The Colorado River descends from Colorado's Rocky Mtns. national park, flows through a broad valley to the Utah border where it enters UT and a continuous canyon that extends almost to California. Various- prats of this long canyon have different Names, Canyonlands national park, Lake Powell (Glenn Canyon National Recreation Area, Marble Canyon, and finally, the Grand Canyon, but in reality, this is all one really big canyon. Although we have ever done it, I would estimate that it would take a bout 2 days of driving without any sight seeing stops to traverse this canyon. There are only two places were the bottom of the canyon (river level) can be reached by road-- just north of Moab, UT, and at Lee's Ferry, AZ, in Marble Canyon.
Most travel web sites, guide books, etc seem to call this Sedona, AZ, because that is the tourist trap nearby town where everybody finds expensive lodging near Oak Creek Canyon. Located near the top of the Mogollon Rim on the Colorado Plateau at an altitude of 4, 500 feet above sea level, Sedona is in the Colorado Plateau's spectacular red rock country, Roughly once again, the rock is red because it rusted. Oak Creek Canyon is most scenic of the scenic places near Sedona, but it is in the fall, where the fall foliage colors come out that Oak Creek Canyon is at its best. Seeing this is worth a trip from anywhere.
Far and away, the top tourist sight in AZ's southern desert is the desert in bloom. And again, roughly mid February is when the cactus flower. Seeing the desert in bloom takes careful planning, but it is worth it. Aside from the Desert in Bloom, there extensive interesting places to see concentrations of many types of Cactus.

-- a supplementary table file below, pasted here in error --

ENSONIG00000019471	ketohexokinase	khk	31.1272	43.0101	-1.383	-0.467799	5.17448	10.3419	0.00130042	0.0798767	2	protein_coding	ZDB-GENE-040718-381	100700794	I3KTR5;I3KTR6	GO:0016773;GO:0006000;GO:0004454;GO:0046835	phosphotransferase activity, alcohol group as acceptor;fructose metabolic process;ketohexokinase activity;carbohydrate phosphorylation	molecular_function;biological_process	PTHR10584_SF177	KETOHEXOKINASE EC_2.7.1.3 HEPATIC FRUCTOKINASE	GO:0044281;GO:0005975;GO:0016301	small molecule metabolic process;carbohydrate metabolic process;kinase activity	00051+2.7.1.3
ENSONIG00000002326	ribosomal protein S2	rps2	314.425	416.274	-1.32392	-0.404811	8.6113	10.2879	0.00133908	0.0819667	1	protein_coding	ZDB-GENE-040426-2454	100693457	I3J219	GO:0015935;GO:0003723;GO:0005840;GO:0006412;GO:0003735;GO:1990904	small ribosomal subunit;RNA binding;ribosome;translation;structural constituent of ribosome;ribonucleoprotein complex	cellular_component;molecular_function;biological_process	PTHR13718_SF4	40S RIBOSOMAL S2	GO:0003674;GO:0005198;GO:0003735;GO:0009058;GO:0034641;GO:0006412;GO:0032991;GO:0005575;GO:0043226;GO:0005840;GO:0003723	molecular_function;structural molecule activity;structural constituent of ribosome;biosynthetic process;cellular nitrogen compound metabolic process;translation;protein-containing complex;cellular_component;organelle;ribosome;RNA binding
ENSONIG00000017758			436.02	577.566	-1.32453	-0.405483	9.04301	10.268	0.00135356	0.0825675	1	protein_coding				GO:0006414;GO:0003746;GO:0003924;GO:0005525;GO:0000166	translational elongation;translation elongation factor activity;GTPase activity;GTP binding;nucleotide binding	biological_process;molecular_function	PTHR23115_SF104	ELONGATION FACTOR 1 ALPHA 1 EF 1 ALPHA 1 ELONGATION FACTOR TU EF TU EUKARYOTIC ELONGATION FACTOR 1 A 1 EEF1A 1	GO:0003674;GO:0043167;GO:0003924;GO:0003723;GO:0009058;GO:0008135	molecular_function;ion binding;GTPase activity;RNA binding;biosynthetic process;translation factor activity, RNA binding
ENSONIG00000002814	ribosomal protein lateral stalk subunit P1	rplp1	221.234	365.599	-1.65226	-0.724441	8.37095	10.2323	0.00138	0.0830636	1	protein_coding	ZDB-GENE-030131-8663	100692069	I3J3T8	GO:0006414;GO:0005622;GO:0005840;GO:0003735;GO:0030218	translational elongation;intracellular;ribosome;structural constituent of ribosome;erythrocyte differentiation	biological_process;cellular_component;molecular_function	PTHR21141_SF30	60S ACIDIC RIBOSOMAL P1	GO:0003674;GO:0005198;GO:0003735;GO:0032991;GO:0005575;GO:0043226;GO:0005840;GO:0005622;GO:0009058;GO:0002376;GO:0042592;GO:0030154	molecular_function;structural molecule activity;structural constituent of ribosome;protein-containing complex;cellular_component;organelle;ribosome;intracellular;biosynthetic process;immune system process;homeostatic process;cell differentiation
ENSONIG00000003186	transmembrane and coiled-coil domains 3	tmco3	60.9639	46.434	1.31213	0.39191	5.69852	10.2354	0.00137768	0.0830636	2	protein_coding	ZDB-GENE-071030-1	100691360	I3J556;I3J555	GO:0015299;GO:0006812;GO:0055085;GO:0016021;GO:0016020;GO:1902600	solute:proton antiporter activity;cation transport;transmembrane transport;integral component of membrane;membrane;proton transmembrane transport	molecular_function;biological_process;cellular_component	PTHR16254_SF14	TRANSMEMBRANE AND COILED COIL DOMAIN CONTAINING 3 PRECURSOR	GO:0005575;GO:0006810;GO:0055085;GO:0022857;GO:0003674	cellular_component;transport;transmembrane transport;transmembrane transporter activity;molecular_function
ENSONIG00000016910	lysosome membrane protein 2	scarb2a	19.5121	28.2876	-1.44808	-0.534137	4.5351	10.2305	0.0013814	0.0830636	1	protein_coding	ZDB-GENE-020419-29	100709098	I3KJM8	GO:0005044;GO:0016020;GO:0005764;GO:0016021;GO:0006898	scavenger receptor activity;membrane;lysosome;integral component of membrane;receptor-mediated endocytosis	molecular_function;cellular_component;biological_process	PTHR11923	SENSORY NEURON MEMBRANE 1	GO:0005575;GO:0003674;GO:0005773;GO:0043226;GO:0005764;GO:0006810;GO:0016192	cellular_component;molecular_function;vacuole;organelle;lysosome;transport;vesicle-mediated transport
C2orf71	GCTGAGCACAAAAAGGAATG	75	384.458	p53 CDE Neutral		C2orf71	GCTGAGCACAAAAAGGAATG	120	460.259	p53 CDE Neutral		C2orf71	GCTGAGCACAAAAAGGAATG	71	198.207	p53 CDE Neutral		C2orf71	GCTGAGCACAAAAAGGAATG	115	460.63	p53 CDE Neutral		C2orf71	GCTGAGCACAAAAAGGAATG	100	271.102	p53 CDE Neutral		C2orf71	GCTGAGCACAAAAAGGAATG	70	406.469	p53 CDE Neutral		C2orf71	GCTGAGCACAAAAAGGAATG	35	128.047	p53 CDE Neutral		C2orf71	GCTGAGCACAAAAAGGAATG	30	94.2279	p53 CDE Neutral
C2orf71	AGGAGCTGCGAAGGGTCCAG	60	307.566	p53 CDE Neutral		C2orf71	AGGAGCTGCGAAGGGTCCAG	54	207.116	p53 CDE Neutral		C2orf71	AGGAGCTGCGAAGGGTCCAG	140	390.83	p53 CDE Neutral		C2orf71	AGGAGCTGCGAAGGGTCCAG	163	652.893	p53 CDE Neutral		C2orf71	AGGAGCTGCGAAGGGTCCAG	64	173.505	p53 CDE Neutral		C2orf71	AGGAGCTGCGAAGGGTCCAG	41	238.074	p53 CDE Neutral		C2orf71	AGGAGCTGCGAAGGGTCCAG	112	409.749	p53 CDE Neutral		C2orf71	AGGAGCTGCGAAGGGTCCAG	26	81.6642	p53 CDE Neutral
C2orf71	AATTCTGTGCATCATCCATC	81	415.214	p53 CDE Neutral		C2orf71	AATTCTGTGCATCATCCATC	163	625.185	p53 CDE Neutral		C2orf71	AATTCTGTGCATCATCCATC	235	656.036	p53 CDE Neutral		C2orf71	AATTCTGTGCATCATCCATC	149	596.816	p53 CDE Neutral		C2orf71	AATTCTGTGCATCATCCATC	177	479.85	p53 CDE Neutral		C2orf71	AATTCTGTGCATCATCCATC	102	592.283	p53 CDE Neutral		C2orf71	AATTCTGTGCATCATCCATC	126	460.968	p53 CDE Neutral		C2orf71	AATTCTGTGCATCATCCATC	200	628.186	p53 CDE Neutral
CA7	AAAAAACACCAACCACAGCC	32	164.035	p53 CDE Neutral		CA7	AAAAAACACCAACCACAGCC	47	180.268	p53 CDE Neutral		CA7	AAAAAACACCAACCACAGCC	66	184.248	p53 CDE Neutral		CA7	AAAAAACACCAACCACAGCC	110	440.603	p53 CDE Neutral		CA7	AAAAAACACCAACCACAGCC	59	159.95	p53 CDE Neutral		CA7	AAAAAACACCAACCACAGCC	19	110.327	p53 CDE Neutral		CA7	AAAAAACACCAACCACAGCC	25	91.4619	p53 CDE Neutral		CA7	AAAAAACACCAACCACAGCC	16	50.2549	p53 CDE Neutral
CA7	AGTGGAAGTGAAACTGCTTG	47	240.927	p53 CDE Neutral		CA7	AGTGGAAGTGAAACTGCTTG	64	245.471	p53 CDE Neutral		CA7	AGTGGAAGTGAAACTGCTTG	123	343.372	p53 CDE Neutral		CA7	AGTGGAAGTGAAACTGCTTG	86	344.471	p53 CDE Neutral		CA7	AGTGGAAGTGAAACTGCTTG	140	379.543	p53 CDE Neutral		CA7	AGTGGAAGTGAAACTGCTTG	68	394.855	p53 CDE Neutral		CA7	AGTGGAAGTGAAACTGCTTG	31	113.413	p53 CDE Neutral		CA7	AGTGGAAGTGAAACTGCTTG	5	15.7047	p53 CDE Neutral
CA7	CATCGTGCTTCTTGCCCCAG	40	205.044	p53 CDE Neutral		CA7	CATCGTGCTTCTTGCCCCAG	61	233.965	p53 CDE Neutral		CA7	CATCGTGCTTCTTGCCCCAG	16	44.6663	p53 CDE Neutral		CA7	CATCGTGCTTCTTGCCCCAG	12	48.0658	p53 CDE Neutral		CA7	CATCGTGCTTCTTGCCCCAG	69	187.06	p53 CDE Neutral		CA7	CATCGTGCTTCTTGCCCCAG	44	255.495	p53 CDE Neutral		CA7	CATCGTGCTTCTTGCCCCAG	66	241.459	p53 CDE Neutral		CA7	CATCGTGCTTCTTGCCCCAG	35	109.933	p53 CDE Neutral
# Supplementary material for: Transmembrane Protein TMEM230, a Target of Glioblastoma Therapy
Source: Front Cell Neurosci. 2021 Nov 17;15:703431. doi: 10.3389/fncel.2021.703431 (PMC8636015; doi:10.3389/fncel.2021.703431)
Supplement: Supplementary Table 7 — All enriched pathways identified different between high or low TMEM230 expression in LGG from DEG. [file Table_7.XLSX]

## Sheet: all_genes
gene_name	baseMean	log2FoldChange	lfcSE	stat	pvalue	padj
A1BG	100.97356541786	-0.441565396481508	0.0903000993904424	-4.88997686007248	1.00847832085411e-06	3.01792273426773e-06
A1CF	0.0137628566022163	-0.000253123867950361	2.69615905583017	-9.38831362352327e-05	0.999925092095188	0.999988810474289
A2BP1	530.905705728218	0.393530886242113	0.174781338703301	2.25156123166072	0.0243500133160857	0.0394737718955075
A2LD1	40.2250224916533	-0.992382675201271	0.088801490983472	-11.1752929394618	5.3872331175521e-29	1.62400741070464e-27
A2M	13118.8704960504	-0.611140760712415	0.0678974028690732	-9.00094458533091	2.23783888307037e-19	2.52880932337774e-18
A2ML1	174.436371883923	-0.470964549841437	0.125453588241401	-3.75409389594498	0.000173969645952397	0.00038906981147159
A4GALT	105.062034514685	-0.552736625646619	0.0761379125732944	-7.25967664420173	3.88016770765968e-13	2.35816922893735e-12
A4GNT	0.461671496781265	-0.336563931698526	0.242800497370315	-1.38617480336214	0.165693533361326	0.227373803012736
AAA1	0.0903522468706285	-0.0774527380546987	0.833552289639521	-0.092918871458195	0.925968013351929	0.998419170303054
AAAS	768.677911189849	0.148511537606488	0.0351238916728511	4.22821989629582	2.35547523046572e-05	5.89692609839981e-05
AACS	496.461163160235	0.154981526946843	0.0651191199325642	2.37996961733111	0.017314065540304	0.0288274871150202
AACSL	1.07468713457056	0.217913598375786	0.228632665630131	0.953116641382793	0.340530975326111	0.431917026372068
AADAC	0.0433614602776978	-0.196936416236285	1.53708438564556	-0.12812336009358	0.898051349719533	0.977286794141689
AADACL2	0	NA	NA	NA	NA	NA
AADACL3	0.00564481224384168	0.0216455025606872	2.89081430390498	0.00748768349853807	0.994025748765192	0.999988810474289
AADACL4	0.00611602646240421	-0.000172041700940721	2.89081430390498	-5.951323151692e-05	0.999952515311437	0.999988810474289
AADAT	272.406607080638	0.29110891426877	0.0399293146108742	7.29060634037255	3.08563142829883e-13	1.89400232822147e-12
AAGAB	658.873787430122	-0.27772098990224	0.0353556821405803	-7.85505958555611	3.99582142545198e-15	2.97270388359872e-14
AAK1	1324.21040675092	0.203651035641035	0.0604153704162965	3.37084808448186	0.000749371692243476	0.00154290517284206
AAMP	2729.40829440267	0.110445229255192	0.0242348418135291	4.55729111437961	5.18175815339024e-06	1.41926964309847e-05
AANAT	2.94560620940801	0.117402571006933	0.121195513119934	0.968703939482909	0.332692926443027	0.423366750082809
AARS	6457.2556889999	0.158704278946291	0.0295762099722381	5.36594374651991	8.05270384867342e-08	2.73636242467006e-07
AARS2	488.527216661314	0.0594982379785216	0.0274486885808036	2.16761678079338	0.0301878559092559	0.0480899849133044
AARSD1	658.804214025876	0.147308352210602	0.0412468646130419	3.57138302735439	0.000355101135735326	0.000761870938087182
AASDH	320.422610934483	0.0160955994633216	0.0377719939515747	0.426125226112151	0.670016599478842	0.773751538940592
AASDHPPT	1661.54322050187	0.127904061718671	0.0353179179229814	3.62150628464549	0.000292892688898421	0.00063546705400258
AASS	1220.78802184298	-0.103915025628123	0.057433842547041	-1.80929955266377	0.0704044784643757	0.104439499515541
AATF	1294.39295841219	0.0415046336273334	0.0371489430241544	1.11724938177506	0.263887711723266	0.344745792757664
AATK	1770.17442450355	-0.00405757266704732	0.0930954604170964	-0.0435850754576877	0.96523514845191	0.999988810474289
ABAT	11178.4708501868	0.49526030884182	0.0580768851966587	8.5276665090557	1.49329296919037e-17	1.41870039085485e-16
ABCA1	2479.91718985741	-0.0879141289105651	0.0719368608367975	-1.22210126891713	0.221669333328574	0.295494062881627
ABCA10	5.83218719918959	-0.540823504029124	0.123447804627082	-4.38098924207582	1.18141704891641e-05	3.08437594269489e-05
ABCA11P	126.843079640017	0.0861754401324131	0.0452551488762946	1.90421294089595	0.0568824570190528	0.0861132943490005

There are a number of Indian Reservations in AZ, including some of the most famous tribes of the Wild West-the Apache, Navajo, Hopi, and Papago.
The obvious route between Phoenix and Las Vegas is a surprisingly attractive drive even though there are no major sights along the way. There are so many good enough things to see along the way that it adds up to a solid road trip.
A major silver, gold, and copper mining center in the early 20th C, most of Jerome's population moved away in the 1950s when the mines closed, leaving behind enough people to operate full tourist facilities and a living museum of a well preserved western town as it was at the turn of the 20th C.
The southeast corner of AZ may be the least visited of the USA's major tourist areas, Home to the famous Apache Indian Chief, Geronimo, this corner of AZ was also home to some of the most infamous locations in the world West-- Tombstone, home of the Gunfight at the OK Coral, the hunt for Geronimo, Geronimo's last stand, the mining center Bisbee, and there are at least 8 ghost towns near Tombstone.
The Navajo, Hopi, and Papago American Indian tribes produce some remarkable hand crafts that make great souvenirs. The Navajo produce pottery, jewelry featuring silver and turquoises, and hand woven wool rugs. The Hopi do jewelry in striking geometric designs of colored natural stones, such as coral, turquoises, and Mother of Pearl. The Papago were and are basket weavers. We have a 50 year old Papago basket that still looks brand new.
United States Arizona Geography North America Off the beaten path Things to do